“If you want to make films, make films.”

In this post I’ll teach you about key terms and techniques we use when we shoot our video productions here at Sparksight. These terms are not only to inform you of videography jargon, but can help break down specific setups that nearly all feature films use and can really take your budget filmmaking to the next level. All it takes is a little patience to learn and create!

1. Let there be light!
Light is key to your production. Lighting can convey mood, energy, suspense etc. so here are some key terms we use for lighting that can help you in the future to light your subjects based on what kind of mood you’d like to set. Even if you don’t have the budget to buy professional lighting equipment, nearly anything emitting light can be used to create your scene. Everything from lamps, car lights, flood lights to even a computer monitor can help set the mood you’re trying to achieve.

Here is a birds-eye view of 3-point lighting in detail:


Sample 3-Light Setups


Key light

The key is your primary source of light. It is the light that changes where shadows fall on faces. Shadow is your main tool for conveying mood. In traditional 3-point lighting, this is usually your biggest light pointed at your subject to get exposure. The key light can come from any angle, and should be flexible when you need to decide which side light should come from. Oftentimes, it is put at the subject’s 45*, raised and tilted down 45*.

Fill Light

The fill light is what controls your contrast ratio. A lot of times, your key will be really powerful and the shadows create a really dark side on the subjects face. Fill helps bring up this side so you can not only see it, but you can control how dramatic it is. The more your fill approaches your key, the less dramatic it will be. Also, depending on where the fill is placed, you can make a light look like it’s “wrapping” around your subject, creating a nice gentle fall off into shadow.

Back/Hair Light

This lights up the subjects hair or back. It’s used to help separate the subject from the background. It is especially helpful when your subject has black hair on a dark background. If the light is offset to 45* at eye level, you get something called a “kicker”. This is where the light creates more than just a little edge. It starts creating a much hotter “zone”. This is generally favorable on men because most women’s hair will block the light from hitting their faces.


The background light exposes anything in the background you would like to see. It’s also used to create contrast in the rest of your frame.

Eye/Catch Light

The eye light is the little sparkle in your subject’s eye. Often times, it will naturally be there as a result of your key light. Setting up a specific catch light can easily draw attention to the subjects eyes and help initiate a mood or feeling towards your actor. Here’s an example of lighting in action. This image features the same scene, just with a dramatic lighting setup. You can transform any scene from ‘co-worker lunch-break’ to ‘super-hero happy hour’ just by lighting alone…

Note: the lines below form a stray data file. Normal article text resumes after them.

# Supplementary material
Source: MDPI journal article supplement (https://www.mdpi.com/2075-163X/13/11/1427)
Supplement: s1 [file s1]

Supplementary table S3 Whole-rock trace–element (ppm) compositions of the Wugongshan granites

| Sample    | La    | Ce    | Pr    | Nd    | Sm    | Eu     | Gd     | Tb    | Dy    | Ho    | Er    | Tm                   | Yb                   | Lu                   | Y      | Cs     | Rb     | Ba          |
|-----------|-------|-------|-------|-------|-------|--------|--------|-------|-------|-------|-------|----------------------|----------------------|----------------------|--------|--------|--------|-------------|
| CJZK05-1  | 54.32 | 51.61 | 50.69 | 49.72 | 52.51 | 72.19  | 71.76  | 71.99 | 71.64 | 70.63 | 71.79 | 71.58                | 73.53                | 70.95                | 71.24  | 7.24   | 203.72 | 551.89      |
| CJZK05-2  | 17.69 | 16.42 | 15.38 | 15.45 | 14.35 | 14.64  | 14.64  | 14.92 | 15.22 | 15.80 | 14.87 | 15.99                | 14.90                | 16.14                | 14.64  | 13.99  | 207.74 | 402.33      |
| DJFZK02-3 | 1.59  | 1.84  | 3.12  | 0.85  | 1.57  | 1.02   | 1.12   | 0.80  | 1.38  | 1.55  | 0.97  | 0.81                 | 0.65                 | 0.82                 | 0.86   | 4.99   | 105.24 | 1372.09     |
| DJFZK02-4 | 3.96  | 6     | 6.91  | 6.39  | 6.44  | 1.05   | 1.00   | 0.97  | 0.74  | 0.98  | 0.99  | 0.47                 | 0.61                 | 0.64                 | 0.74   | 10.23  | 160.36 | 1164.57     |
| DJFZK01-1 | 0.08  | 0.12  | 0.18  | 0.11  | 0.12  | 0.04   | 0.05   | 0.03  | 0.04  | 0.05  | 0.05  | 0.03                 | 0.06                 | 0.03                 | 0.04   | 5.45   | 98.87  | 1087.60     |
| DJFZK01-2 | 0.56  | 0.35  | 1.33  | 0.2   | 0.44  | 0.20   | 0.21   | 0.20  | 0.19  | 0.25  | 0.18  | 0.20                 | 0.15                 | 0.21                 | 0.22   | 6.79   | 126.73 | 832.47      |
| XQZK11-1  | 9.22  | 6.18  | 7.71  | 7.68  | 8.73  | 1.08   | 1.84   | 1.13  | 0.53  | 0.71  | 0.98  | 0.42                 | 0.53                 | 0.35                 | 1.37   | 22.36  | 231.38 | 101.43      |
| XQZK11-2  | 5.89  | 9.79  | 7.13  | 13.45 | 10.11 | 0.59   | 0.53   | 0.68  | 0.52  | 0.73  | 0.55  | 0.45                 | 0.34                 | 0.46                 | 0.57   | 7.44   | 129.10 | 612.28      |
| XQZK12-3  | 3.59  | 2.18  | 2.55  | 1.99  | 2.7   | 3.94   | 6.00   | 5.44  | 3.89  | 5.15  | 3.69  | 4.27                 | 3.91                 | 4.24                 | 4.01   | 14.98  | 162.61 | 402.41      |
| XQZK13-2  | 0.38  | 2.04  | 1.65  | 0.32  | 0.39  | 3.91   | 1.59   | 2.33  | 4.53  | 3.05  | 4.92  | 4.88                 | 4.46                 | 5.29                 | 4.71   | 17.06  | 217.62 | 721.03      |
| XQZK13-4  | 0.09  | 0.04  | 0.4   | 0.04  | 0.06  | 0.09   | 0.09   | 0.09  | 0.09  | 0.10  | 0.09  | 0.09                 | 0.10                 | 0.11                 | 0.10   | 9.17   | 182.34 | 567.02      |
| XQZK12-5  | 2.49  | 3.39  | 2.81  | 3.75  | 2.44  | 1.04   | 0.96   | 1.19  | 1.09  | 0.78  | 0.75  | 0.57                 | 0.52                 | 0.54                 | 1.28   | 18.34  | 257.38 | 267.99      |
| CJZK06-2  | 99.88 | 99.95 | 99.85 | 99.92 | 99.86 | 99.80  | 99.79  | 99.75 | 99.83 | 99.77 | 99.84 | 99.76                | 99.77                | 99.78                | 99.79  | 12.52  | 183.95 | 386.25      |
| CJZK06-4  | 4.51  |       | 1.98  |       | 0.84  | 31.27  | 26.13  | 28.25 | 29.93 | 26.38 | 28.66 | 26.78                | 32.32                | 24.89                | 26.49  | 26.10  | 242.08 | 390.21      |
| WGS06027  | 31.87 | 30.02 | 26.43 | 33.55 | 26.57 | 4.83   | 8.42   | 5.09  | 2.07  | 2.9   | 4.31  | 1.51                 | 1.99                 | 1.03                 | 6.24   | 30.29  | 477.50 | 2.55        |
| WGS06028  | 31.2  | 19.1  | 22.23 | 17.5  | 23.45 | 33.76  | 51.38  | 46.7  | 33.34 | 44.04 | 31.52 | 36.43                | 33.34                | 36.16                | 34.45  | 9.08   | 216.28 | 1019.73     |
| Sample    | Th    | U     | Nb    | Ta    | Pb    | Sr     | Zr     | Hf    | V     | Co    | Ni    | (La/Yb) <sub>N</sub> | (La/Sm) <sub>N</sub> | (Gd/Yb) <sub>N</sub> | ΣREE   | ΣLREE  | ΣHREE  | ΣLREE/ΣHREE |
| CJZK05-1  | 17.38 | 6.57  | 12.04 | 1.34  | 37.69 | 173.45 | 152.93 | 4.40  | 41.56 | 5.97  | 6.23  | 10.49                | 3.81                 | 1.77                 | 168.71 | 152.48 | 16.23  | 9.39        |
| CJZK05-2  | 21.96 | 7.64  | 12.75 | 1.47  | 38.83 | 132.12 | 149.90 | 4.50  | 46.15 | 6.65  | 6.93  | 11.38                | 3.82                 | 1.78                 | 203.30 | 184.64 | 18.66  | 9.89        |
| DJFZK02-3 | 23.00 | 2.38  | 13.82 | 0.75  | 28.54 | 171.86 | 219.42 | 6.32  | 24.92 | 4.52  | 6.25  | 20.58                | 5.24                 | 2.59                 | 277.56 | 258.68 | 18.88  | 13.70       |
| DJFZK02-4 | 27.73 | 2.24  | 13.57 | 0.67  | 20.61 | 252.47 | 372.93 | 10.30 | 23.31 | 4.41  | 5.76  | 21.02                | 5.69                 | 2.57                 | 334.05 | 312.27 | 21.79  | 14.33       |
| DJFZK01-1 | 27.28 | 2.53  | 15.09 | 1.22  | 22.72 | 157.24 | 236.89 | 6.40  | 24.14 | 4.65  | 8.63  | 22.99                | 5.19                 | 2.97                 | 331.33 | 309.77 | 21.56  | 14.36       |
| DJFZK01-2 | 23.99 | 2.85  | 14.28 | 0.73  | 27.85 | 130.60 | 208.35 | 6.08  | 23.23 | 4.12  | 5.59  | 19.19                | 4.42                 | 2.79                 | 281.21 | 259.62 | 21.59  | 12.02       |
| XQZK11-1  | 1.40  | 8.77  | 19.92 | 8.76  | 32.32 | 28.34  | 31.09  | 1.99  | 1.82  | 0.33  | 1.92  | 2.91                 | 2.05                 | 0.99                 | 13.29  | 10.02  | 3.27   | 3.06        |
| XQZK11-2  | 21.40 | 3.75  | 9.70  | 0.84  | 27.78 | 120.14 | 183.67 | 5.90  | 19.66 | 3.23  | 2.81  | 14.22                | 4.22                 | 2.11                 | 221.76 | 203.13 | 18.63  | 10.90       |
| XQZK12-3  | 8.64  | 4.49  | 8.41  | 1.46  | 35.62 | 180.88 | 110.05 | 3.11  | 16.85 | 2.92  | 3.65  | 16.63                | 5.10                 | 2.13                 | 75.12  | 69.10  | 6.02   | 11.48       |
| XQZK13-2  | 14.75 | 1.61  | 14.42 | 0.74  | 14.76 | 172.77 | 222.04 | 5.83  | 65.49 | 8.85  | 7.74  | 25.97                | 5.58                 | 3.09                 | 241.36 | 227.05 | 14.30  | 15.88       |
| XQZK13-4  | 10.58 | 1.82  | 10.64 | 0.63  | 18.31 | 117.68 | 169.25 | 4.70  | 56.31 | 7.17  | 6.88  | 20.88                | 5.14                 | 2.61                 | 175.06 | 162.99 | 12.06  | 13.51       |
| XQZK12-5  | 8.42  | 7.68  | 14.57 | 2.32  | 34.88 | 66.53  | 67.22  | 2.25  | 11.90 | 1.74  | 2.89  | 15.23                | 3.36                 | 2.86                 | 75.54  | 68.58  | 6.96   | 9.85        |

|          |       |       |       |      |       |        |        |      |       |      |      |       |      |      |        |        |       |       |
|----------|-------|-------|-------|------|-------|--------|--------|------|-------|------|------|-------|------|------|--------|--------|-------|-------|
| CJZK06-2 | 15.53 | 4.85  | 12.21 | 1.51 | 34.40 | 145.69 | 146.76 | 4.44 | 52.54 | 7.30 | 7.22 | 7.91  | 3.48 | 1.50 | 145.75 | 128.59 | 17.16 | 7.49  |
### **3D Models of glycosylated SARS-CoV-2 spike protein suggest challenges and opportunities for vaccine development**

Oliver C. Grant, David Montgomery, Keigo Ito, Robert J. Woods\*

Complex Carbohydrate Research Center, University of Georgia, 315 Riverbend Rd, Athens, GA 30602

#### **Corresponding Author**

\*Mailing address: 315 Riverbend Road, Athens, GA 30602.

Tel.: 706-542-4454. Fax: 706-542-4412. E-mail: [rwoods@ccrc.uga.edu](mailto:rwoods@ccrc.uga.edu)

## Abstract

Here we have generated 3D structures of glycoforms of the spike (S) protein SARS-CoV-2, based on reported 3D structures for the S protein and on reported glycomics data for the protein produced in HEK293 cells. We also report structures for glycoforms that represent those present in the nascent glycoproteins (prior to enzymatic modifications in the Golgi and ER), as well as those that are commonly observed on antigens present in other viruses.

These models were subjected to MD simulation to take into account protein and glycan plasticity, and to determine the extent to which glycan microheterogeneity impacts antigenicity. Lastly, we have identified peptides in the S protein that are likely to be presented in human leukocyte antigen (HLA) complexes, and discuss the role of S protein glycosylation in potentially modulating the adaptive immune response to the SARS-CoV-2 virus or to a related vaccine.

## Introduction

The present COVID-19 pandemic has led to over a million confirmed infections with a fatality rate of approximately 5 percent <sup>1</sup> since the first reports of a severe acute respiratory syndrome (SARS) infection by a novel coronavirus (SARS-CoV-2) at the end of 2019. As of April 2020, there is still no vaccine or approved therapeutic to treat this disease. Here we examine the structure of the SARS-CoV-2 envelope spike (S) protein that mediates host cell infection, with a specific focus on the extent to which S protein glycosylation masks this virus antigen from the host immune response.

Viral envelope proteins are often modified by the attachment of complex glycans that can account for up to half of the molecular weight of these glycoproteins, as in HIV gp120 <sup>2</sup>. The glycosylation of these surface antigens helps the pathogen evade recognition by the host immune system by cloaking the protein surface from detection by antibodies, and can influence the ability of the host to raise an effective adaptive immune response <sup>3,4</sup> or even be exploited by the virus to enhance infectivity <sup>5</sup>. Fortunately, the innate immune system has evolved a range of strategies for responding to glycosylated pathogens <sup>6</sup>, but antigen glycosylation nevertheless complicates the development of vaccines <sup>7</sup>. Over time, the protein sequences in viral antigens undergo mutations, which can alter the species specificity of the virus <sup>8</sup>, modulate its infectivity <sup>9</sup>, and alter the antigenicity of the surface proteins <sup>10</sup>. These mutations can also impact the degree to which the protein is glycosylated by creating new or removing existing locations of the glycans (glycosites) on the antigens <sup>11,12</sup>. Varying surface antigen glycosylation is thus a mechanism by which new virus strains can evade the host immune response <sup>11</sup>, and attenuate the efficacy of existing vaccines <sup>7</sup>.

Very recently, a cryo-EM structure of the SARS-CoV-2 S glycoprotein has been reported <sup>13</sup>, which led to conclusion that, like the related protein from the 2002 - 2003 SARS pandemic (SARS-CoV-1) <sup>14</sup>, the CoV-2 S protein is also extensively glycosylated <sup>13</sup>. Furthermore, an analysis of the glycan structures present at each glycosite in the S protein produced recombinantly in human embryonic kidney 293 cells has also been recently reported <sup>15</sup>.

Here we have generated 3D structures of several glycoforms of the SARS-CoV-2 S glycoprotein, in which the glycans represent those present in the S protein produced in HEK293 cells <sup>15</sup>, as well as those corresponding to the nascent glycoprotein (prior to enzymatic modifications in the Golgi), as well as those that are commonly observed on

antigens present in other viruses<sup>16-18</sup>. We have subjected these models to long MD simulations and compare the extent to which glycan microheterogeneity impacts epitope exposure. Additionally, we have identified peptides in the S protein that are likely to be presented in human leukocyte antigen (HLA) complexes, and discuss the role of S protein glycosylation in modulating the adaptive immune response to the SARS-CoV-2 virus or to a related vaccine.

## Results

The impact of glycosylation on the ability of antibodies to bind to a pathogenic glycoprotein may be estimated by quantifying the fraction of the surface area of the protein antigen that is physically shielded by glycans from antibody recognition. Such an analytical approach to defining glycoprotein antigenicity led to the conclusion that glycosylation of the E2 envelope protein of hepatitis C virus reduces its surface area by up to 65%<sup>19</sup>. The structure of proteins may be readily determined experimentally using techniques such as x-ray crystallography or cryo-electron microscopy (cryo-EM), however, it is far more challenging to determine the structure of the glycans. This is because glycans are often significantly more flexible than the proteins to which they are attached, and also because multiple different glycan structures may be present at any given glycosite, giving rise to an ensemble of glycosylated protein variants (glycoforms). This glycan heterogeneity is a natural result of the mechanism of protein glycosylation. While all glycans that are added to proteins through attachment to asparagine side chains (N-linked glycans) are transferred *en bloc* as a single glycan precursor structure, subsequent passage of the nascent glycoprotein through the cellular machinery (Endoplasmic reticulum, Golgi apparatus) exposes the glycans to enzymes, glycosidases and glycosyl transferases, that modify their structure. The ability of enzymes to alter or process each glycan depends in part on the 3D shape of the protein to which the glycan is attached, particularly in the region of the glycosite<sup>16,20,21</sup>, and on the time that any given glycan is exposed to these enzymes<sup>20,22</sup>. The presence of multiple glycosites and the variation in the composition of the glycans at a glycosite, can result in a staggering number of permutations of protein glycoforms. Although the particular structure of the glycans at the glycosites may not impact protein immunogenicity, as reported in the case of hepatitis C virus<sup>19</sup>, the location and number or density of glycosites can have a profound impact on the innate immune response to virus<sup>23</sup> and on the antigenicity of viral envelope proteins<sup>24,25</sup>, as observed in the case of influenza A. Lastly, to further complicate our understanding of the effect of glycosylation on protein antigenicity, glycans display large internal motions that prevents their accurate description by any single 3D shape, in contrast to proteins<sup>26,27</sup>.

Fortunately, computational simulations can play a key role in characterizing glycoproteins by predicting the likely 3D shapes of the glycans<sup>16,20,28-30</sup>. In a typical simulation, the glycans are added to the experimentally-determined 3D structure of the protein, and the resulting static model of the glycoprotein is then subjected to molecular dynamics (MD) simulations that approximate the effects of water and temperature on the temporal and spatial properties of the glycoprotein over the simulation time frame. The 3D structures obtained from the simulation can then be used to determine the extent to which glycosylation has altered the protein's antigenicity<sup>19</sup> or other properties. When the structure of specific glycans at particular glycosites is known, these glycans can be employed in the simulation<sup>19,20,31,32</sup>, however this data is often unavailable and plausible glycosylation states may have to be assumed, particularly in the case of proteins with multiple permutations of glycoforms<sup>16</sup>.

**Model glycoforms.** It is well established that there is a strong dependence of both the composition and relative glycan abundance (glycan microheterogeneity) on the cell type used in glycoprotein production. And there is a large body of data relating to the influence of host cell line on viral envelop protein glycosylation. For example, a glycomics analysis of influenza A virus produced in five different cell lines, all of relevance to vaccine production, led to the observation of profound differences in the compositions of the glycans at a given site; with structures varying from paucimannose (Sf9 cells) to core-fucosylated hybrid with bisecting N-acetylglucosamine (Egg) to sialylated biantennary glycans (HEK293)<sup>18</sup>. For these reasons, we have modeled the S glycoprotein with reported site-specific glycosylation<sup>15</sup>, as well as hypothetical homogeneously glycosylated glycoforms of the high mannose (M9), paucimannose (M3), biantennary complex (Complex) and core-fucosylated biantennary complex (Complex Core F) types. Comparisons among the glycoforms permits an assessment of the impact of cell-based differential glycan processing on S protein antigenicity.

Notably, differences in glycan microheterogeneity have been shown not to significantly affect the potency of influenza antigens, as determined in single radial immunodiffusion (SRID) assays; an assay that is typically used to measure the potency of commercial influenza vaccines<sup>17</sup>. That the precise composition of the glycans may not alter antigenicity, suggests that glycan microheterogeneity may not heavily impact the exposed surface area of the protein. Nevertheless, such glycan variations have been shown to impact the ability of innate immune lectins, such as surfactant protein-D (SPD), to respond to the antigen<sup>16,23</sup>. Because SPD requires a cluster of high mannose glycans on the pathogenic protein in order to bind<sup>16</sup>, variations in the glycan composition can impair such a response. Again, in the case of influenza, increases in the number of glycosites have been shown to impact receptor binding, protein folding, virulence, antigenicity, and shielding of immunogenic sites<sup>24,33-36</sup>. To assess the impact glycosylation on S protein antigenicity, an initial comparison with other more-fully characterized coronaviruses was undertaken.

2. Cinematic Filming Techniques

Now, let’s talk a bit more advanced than key terms here. Once you’ve figured out your lighting style and camera shot, it’s time to talk about the psychology of filmmaking techniques. These are little techniques that I’ve learned over the years about how to really capture the best scene from any location you’re shooting from. Take these with a grain of salt, but keep them in mind next time you’re making a film.

Building the frame and creating depth within your scene.

One of the greatest limitations I’ve encountered over the years is the shooting space I had to work with. Most low-budget films find themselves struggling to create expansive space in their films. It’s pretty hard to lock down the Library of Congress when you need a good background of bookcases. The first and most basic tool for increasing depth in a frame is to move your subjects away from walls or backgrounds. It will be simpler to light and give you great advances on different shooting angles and create an illusion of depth when you’re tight for space.


Using corners

Taking on that idea of creating depth and removing the “flatness” of a room or space, is to shoot towards the corner of the room. It’s a great trick we see all the time in movies, and really provides an illusion of space when we’re watching it on the big screen


Through the looking glass

Shooting inside is great, and gives us control of lighting and elements, but sometimes it’s even better to bring the outside in. Really take advantage of lighting the scene so the viewers can see the outside world, as well as the action inside. It really helps create a sense of espial realism and gives some depth to the scene.


Hopefully these terms + tricks will help get the ball rolling on your next production. Filmmaking should be fun no matter what you intend on shooting.

5 responses to “Take Your Budget Filmmaking to the Next Level

  1. Have you ever considered writing an ebook or guest authoring on other sites? I have a blog based on the same subjects you discuss and would love to have you share some stories/information. I know my viewers would enjoy your work. If you’re even remotely interested, feel free to send me an e mail.

    1. Hi Vurtil,

      We haven’t really considered writing an e-book because we like to share information through our YouTub channel. We share tips on how to make video easy. Check it out – youtube.com/sparksight

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